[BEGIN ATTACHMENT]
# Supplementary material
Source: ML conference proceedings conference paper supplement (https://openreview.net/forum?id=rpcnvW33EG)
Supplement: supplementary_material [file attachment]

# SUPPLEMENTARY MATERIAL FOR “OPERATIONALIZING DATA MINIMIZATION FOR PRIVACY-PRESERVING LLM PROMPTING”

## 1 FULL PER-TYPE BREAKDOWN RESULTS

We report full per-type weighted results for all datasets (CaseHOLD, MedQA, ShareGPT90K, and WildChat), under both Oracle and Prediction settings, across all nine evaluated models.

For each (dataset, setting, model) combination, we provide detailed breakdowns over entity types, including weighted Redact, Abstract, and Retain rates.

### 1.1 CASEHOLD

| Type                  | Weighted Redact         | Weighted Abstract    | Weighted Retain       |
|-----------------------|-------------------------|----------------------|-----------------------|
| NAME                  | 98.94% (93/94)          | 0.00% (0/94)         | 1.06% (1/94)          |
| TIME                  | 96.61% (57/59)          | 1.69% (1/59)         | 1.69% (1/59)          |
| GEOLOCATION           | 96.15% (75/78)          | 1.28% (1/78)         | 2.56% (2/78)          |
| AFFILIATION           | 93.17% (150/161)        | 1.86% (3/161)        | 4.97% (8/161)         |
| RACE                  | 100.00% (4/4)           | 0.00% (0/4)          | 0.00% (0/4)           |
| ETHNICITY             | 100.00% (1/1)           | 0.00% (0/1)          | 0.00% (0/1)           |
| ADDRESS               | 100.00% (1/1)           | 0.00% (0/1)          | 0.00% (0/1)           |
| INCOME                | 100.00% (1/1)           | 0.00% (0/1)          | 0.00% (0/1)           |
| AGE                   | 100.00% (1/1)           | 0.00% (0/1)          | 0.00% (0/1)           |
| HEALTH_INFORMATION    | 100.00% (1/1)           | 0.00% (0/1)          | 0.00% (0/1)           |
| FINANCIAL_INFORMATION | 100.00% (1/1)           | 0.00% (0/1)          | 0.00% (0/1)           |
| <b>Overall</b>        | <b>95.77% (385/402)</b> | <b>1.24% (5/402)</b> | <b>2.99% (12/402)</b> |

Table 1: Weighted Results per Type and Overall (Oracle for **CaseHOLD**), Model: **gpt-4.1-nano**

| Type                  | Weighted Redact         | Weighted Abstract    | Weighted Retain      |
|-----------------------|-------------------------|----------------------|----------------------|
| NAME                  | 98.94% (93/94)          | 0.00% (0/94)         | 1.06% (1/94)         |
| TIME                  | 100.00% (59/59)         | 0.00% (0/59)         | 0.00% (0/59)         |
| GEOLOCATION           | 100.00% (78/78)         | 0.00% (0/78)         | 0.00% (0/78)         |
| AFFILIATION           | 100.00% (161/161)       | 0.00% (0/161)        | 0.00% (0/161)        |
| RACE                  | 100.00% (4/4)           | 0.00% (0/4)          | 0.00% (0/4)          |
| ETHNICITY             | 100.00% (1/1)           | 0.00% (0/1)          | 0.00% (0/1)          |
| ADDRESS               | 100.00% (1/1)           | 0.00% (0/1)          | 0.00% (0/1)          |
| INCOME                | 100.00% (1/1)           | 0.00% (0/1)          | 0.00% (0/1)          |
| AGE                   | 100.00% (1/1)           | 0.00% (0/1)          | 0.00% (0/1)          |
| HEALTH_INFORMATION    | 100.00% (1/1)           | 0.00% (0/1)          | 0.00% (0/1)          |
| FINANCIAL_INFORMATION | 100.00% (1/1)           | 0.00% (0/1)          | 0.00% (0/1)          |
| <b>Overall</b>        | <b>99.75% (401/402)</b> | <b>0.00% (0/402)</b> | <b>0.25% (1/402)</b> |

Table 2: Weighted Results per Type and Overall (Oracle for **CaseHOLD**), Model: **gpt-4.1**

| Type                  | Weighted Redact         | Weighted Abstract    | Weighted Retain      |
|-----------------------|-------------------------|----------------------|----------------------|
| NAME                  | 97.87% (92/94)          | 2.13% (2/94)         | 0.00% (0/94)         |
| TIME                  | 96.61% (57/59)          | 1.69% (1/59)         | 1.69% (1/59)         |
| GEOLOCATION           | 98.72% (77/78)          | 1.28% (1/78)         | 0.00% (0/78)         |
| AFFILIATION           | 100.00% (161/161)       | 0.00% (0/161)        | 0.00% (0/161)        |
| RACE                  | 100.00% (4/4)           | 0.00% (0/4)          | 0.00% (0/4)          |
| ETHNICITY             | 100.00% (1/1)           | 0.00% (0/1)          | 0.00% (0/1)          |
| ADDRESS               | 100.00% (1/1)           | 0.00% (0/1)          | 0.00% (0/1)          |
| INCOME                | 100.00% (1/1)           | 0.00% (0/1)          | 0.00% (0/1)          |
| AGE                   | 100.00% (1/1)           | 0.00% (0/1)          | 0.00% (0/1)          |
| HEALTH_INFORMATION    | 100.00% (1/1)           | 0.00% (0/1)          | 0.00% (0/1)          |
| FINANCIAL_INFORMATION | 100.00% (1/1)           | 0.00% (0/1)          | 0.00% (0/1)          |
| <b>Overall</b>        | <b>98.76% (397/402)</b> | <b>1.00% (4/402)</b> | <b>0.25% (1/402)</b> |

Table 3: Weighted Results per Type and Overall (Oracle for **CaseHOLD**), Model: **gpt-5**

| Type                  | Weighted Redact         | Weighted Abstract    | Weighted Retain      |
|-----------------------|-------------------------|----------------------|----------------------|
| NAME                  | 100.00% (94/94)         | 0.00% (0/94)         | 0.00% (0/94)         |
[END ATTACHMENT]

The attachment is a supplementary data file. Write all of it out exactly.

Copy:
# Supplementary material
Source: ML conference proceedings conference paper supplement (https://openreview.net/forum?id=rpcnvW33EG)
Supplement: supplementary_material [file attachment]

# SUPPLEMENTARY MATERIAL FOR “OPERATIONALIZING DATA MINIMIZATION FOR PRIVACY-PRESERVING LLM PROMPTING”

## 1 FULL PER-TYPE BREAKDOWN RESULTS

We report full per-type weighted results for all datasets (CaseHOLD, MedQA, ShareGPT90K, and WildChat), under both Oracle and Prediction settings, across all nine evaluated models.

For each (dataset, setting, model) combination, we provide detailed breakdowns over entity types, including weighted Redact, Abstract, and Retain rates.

### 1.1 CASEHOLD

| Type                  | Weighted Redact         | Weighted Abstract    | Weighted Retain       |
|-----------------------|-------------------------|----------------------|-----------------------|
| NAME                  | 98.94% (93/94)          | 0.00% (0/94)         | 1.06% (1/94)          |
| TIME                  | 96.61% (57/59)          | 1.69% (1/59)         | 1.69% (1/59)          |
| GEOLOCATION           | 96.15% (75/78)          | 1.28% (1/78)         | 2.56% (2/78)          |
| AFFILIATION           | 93.17% (150/161)        | 1.86% (3/161)        | 4.97% (8/161)         |
| RACE                  | 100.00% (4/4)           | 0.00% (0/4)          | 0.00% (0/4)           |
| ETHNICITY             | 100.00% (1/1)           | 0.00% (0/1)          | 0.00% (0/1)           |
| ADDRESS               | 100.00% (1/1)           | 0.00% (0/1)          | 0.00% (0/1)           |
| INCOME                | 100.00% (1/1)           | 0.00% (0/1)          | 0.00% (0/1)           |
| AGE                   | 100.00% (1/1)           | 0.00% (0/1)          | 0.00% (0/1)           |
| HEALTH_INFORMATION    | 100.00% (1/1)           | 0.00% (0/1)          | 0.00% (0/1)           |
| FINANCIAL_INFORMATION | 100.00% (1/1)           | 0.00% (0/1)          | 0.00% (0/1)           |
| <b>Overall</b>        | <b>95.77% (385/402)</b> | <b>1.24% (5/402)</b> | <b>2.99% (12/402)</b> |

Table 1: Weighted Results per Type and Overall (Oracle for **CaseHOLD**), Model: **gpt-4.1-nano**

| Type                  | Weighted Redact         | Weighted Abstract    | Weighted Retain      |
|-----------------------|-------------------------|----------------------|----------------------|
| NAME                  | 98.94% (93/94)          | 0.00% (0/94)         | 1.06% (1/94)         |
| TIME                  | 100.00% (59/59)         | 0.00% (0/59)         | 0.00% (0/59)         |
| GEOLOCATION           | 100.00% (78/78)         | 0.00% (0/78)         | 0.00% (0/78)         |
| AFFILIATION           | 100.00% (161/161)       | 0.00% (0/161)        | 0.00% (0/161)        |
| RACE                  | 100.00% (4/4)           | 0.00% (0/4)          | 0.00% (0/4)          |
| ETHNICITY             | 100.00% (1/1)           | 0.00% (0/1)          | 0.00% (0/1)          |
| ADDRESS               | 100.00% (1/1)           | 0.00% (0/1)          | 0.00% (0/1)          |
| INCOME                | 100.00% (1/1)           | 0.00% (0/1)          | 0.00% (0/1)          |
| AGE                   | 100.00% (1/1)           | 0.00% (0/1)          | 0.00% (0/1)          |
| HEALTH_INFORMATION    | 100.00% (1/1)           | 0.00% (0/1)          | 0.00% (0/1)          |
| FINANCIAL_INFORMATION | 100.00% (1/1)           | 0.00% (0/1)          | 0.00% (0/1)          |
| <b>Overall</b>        | <b>99.75% (401/402)</b> | <b>0.00% (0/402)</b> | <b>0.25% (1/402)</b> |

Table 2: Weighted Results per Type and Overall (Oracle for **CaseHOLD**), Model: **gpt-4.1**

| Type                  | Weighted Redact         | Weighted Abstract    | Weighted Retain      |
|-----------------------|-------------------------|----------------------|----------------------|
| NAME                  | 97.87% (92/94)          | 2.13% (2/94)         | 0.00% (0/94)         |
| TIME                  | 96.61% (57/59)          | 1.69% (1/59)         | 1.69% (1/59)         |
| GEOLOCATION           | 98.72% (77/78)          | 1.28% (1/78)         | 0.00% (0/78)         |
| AFFILIATION           | 100.00% (161/161)       | 0.00% (0/161)        | 0.00% (0/161)        |
| RACE                  | 100.00% (4/4)           | 0.00% (0/4)          | 0.00% (0/4)          |
| ETHNICITY             | 100.00% (1/1)           | 0.00% (0/1)          | 0.00% (0/1)          |
| ADDRESS               | 100.00% (1/1)           | 0.00% (0/1)          | 0.00% (0/1)          |
| INCOME                | 100.00% (1/1)           | 0.00% (0/1)          | 0.00% (0/1)          |
| AGE                   | 100.00% (1/1)           | 0.00% (0/1)          | 0.00% (0/1)          |
| HEALTH_INFORMATION    | 100.00% (1/1)           | 0.00% (0/1)          | 0.00% (0/1)          |
| FINANCIAL_INFORMATION | 100.00% (1/1)           | 0.00% (0/1)          | 0.00% (0/1)          |
| <b>Overall</b>        | <b>98.76% (397/402)</b> | <b>1.00% (4/402)</b> | <b>0.25% (1/402)</b> |

Table 3: Weighted Results per Type and Overall (Oracle for **CaseHOLD**), Model: **gpt-5**

| Type                  | Weighted Redact         | Weighted Abstract    | Weighted Retain      |
|-----------------------|-------------------------|----------------------|----------------------|
| NAME                  | 100.00% (94/94)         | 0.00% (0/94)         | 0.00% (0/94)         |